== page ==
Check-in for United flight 6682 Max and Jill are the last two people to check-in for the flight Jill is right behind Max in line Unfortunately, only one seat is left Should Jill be bumped?

Efficiency As economists, we want to find a way for the most efficient outcome to occur As an airline, we want to make ALL of our customers happy How do we do this?

Suppose that United cannot overbook its flight Empty seats Higher ticket prices Jill becomes desperate to find a way to Denver

With overbooked flights Voluntary system to find a person with a low value of time Offer an incentive so that someone is willing to travel on a later flight A First-class seat on the 1:45 pm flight to Denver

Cost-benefit analysis of incentive Max’s cost of waiting in Santa Barbara for eight hours is low, since he was just going to check into his hotel and eat a nice dinner at a local restaurant \$10 cost per hour, or \$80 total Jill loses a big contract if she does not make the flight \$50,000 total cost

Cost-benefit analysis of incentive Assume that either Max or Jill benefits the same from a First-class seat \$200 Max gains \$120 by offering to give up his seat in order for Jill to attend her business meeting on time He instantly volunteers to give up his seat for Jill

Cost-benefit analysis of incentive Going from a first-come, first-served policy to a voluntary incentive system has improved the outcomes of both Max and Jill Max has improved by \$120 and is traveling in style, just the way he wants Jill is able to make her meeting and save the contract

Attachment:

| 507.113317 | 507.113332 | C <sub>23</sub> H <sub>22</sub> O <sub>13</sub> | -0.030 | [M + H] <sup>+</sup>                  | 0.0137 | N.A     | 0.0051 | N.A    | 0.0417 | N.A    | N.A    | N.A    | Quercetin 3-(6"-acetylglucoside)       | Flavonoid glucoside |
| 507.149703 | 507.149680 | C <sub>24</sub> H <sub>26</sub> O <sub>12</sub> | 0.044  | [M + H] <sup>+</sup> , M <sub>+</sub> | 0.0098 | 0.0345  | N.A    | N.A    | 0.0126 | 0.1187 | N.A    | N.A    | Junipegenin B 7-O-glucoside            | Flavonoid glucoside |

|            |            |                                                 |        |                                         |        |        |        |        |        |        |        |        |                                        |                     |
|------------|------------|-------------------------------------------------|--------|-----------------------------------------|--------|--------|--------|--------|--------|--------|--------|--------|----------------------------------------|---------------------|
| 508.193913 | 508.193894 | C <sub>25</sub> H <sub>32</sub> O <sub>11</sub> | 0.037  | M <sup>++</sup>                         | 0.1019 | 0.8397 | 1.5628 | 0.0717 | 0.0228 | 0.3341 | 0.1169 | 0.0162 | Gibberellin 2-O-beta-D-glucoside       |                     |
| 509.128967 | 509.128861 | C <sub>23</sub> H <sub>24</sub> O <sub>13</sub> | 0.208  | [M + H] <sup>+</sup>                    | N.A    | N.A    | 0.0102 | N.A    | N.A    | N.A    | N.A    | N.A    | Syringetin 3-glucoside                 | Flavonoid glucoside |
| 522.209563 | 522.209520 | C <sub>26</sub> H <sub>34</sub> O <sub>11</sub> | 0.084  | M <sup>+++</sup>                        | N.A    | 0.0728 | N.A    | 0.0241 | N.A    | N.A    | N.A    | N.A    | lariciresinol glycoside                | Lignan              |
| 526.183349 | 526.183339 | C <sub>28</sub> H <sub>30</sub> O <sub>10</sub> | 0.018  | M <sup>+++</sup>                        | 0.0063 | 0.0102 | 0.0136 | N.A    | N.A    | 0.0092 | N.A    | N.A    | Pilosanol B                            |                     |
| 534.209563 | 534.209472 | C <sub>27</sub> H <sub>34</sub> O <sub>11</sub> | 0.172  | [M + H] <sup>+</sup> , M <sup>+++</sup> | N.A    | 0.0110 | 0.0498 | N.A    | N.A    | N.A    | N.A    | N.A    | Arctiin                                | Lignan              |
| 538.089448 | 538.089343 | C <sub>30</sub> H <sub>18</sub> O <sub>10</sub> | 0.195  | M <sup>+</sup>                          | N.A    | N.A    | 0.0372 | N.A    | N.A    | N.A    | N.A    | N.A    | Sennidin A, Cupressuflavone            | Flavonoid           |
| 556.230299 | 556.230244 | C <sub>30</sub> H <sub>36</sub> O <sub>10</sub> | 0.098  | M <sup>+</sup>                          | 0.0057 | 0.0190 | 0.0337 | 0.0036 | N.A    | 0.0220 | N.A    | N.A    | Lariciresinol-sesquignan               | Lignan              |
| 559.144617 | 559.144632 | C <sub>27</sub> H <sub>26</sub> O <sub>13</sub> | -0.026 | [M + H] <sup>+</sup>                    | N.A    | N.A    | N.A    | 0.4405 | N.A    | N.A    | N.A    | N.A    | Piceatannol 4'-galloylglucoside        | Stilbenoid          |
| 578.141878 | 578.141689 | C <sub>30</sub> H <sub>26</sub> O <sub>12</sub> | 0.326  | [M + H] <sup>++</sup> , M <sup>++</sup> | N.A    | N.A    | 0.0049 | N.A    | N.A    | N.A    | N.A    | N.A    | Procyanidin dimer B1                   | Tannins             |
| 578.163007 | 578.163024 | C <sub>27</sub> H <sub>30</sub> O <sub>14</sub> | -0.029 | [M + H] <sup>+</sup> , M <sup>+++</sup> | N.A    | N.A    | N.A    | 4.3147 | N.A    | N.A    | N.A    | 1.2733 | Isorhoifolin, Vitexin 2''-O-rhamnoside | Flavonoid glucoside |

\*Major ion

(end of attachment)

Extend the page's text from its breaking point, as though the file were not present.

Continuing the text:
Pareto improvements When one or more people are made better off without making anyone else worse off, these are known as Pareto improvements In our previous example, both Max and Jill were made better off without making any other passenger worse off

Hypothetical cost-benefit analysis from United’s point of view United Airlines has determined in its computer system that the probability of the last First-class ticket being booked for the later flight is 0.05, at a price of \$1200 The marginal cost of an a First-class passenger over an Economy passenger is \$50

Cost-benefit analysis from United’s point of view Marginal benefit of booking Jill’s ticket: \$775 Marginal cost of booking Jill’s ticket: Possible loss of First-class ticket being booked on the later flight, \$60 Additional First-class cost of Max’s trip, \$50 Total, \$110 United is better off with this policy, too

In the text Demand curve is derived from reservation price (or highest willingness to pay) Max’s reservation price is low in this example Jill’s reservation price is high in this example People with low reservation prices will voluntarily accept the airline’s offer if the individual’s MB of the offer exceeds the MC of the time lost and inconvenience

What have we learned today? A subsidy, like rent control, is not a good solution for the I.V. rental market Voluntary incentives can be used to improve the efficiency of some markets Airlines use price discrimination to help achieve this (More on this in Ch. 10)

Download ppt "Subsidies, taxes, and queuing Today: Some methods that either hurt or improve efficiency."

Similar presentations